The roots of the current management crisis at W.R. Grace & Co. go back to late 1992. J. Peter Grace had fallen ill with cancer, and his longtime lieutenant J.P. Bolduc, former executives say, began pressing the board to name him chief executive. The board--loyal to Grace but knowing the octogenarian executive needed to be eased out--agreed. In 1993, Bolduc became the first person outside the Grace family to head the chemical and health-services company. Peter Grace, who had been CEO for 47 years, remained chairman.
And Peter Grace remained bitter. For the next 21/2 years, as former executives and other sources close to the company tell it, Grace simmered while Bolduc stripped him of the rich perquisites he and his family may have regarded as their birthright. Bolduc took away Grace's private Gulfstream IV jet, and he trimmed Grace's personal corporate staff from about 10 to 4. Last November, he insisted that the company disclose in the proxy millions of dollars of perks and loans made to the Grace family. But Bolduc pushed too hard, and the backlash was severe. On Mar. 2, he resigned, citing differences with the board.
What really lay behind Bolduc's fall from grace? First came reports that Bolduc had been forced out after insisting on disclosure of the Graces' perks. Outraged institutional shareholders applied such pressure that Peter Grace and nine other board members agreed not to stand for reelection at the annual meeting on May 10. But many insiders remained disturbed by the way events unfolded at Grace. In a Mar. 23 memo to other board members obtained by BUSINESS WEEK, director Robert C. Macauley complained that "we are living a lie." And, finally, on Mar. 30, the company said publicly that Bolduc had been asked to resign after several employees accused him of sexual harassment--charges Bolduc denies.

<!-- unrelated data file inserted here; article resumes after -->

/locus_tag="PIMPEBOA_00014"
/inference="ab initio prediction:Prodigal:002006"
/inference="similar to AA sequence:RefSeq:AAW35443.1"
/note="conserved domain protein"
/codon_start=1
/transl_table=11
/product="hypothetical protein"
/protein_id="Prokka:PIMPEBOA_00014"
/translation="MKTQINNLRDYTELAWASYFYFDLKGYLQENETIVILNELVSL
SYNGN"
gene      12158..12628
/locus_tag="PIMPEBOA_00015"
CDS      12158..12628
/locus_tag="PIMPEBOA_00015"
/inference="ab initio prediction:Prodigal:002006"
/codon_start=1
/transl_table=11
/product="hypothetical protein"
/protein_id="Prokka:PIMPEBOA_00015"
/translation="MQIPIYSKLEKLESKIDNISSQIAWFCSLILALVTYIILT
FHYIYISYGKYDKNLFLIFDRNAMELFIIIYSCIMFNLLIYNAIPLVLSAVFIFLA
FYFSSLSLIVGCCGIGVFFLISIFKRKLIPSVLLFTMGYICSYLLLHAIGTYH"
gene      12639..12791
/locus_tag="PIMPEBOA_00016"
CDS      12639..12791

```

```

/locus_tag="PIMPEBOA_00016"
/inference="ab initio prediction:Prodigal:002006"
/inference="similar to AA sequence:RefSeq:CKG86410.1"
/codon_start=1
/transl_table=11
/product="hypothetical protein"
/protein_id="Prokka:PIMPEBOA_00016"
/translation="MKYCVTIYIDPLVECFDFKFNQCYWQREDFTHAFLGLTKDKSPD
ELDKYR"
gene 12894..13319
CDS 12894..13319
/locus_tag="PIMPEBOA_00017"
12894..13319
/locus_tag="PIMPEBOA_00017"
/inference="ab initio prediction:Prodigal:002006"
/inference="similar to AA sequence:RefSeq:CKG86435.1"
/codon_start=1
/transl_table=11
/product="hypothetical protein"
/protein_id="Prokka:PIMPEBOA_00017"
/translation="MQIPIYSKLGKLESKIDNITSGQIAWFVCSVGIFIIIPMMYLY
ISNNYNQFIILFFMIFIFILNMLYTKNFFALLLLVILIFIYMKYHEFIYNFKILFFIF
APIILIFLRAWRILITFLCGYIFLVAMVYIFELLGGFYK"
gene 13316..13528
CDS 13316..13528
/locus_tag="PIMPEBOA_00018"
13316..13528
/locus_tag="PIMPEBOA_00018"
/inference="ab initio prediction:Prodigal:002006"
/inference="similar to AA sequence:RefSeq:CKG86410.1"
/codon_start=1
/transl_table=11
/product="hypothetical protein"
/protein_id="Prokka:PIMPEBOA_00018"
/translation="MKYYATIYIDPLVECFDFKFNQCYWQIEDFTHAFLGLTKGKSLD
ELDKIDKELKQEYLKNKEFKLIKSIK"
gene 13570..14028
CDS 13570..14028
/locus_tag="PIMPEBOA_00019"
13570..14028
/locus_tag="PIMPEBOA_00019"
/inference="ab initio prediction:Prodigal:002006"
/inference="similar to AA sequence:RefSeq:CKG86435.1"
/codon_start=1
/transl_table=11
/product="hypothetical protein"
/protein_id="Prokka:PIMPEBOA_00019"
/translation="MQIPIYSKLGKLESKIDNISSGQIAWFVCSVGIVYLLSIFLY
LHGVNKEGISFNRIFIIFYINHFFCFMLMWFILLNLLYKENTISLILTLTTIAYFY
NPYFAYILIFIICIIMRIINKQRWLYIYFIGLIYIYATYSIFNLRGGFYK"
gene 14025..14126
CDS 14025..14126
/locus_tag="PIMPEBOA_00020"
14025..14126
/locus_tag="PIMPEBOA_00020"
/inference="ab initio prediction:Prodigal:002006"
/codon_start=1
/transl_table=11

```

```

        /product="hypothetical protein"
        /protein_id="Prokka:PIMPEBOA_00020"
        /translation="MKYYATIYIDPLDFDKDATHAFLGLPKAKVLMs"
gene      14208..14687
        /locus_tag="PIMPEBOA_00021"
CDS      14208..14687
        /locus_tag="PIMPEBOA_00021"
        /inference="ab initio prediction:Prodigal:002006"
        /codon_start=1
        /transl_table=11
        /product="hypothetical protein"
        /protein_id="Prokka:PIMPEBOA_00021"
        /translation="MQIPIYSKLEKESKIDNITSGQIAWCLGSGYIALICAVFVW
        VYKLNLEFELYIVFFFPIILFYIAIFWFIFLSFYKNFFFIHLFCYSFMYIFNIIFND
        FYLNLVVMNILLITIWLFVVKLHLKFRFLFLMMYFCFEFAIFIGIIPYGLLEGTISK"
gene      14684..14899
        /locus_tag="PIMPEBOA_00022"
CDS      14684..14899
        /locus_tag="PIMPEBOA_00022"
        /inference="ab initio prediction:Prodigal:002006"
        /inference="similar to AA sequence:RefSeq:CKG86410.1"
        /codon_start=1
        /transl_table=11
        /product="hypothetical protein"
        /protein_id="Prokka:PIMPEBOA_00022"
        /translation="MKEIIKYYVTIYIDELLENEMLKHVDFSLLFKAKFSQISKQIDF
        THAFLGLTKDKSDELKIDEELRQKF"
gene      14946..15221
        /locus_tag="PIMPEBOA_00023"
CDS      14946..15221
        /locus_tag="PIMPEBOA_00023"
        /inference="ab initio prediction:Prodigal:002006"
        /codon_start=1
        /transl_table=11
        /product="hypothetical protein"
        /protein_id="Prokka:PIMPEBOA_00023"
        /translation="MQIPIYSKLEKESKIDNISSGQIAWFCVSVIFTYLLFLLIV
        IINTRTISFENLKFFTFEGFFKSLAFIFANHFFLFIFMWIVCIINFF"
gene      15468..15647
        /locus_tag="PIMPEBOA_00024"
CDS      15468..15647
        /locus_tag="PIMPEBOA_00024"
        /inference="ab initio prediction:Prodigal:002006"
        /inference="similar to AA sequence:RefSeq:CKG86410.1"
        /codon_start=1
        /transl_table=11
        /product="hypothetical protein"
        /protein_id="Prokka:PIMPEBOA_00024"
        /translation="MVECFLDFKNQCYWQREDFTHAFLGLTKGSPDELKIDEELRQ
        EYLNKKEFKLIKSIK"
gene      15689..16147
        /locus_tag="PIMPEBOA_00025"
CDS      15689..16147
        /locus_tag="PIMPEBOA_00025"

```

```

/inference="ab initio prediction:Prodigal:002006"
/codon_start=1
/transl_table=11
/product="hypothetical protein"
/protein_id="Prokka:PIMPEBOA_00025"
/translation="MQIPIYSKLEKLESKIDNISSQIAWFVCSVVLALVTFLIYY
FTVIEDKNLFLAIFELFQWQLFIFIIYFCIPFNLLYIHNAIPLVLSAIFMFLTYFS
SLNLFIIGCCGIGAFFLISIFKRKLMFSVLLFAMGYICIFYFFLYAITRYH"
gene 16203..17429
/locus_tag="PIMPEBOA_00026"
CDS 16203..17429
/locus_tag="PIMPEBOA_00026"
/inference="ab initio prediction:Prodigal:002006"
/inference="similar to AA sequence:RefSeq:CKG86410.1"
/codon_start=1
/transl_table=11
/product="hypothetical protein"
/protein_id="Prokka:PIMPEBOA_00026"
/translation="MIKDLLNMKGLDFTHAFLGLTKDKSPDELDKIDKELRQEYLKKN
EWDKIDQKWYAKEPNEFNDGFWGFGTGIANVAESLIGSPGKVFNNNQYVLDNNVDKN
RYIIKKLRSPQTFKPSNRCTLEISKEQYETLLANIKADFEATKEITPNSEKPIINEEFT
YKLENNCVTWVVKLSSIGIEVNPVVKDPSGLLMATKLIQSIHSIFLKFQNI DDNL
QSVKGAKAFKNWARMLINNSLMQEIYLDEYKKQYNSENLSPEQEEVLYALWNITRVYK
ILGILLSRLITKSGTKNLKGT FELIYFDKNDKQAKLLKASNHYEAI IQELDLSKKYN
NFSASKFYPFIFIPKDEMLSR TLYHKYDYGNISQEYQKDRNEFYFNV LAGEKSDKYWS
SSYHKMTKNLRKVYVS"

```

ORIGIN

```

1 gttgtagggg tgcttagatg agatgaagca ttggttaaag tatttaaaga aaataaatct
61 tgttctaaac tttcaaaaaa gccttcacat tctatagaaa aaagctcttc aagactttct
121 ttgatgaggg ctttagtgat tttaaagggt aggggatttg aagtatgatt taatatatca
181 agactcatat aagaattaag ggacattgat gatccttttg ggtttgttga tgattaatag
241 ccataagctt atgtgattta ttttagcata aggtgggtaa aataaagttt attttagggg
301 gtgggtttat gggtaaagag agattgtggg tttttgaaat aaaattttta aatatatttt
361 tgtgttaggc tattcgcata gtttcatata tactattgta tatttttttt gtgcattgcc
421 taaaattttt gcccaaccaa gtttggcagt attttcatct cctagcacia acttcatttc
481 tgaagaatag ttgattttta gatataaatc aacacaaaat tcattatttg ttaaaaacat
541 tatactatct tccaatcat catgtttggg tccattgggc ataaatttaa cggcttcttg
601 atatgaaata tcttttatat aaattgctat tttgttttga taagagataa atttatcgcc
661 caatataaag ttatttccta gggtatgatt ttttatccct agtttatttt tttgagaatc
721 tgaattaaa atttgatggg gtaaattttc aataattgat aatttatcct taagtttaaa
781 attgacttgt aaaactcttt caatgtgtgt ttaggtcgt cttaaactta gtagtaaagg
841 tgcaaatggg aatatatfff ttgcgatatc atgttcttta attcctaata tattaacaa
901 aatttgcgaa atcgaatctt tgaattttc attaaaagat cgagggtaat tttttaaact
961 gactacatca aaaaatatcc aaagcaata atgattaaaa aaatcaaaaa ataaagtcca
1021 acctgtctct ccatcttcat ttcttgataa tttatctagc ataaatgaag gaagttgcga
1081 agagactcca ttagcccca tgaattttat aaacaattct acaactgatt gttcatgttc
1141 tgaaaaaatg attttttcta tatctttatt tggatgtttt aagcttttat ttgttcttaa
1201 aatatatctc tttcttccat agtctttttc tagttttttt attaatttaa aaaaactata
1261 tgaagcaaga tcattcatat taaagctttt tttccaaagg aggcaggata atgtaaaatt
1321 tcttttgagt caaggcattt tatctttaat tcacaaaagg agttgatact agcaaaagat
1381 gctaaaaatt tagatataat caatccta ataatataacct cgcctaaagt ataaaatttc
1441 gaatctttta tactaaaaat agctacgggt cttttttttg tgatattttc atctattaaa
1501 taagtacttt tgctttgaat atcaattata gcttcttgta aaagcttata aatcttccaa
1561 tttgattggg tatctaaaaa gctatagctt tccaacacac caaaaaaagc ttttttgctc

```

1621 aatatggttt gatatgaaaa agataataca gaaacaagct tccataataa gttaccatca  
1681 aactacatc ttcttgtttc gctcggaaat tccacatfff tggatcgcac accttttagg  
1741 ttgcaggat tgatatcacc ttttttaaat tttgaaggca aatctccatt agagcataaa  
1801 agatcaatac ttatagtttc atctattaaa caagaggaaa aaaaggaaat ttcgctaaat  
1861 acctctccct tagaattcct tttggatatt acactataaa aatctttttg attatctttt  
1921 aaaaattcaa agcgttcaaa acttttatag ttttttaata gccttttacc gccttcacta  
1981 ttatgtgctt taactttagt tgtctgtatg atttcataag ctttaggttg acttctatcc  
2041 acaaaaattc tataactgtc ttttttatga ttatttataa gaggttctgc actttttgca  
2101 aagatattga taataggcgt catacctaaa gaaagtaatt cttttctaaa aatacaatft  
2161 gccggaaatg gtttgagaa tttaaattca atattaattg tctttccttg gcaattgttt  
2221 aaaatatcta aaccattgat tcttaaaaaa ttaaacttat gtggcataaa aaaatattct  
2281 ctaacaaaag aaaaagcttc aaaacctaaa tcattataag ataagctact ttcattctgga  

The real story, as pieced together by BUSINESS WEEK, however, may be far more complicated. Former executives and others close to the company contend that Bolduc's downfall came after a small group of Grace executives and outside board members became convinced that Bolduc had to go.
A key figure in Bolduc's departure is Constantine L. Hampers, a Grace executive who runs its National Medical Care Inc. unit. It has been dogged by the Food & Drug Administration, which has cited it for selling nonsterile medical equipment several times since 1993--but it is also Grace's biggest profit generator. The company says the problems have been resolved.
As Bolduc moved to centralize Grace's operations and lower overhead, Hampers grew increasingly angry. Hampers says that last December he told the board he would resign when his employment contract expired in 1996. Hampers acknowledges that he wanted Bolduc gone, though he says his threat to leave was not a ploy to oust Bolduc.
Hampers is a complex character. A physician who started NMC in 1968, he sold it to W.R. Grace for approximately $238 million in 1984. Hampers in 1988 was charged in a 14-count indictment with smuggling the skins of endangered Mexican jaguars and ocelots into the U.S. He pleaded guilty to a reduced charge in 1990, according to the company's proxy. He remained very much in charge of NMC, and he didn't think much of Bolduc. Says Hampers: Bolduc "was terrible to work for. He never understood operating. I just did not want to work for him."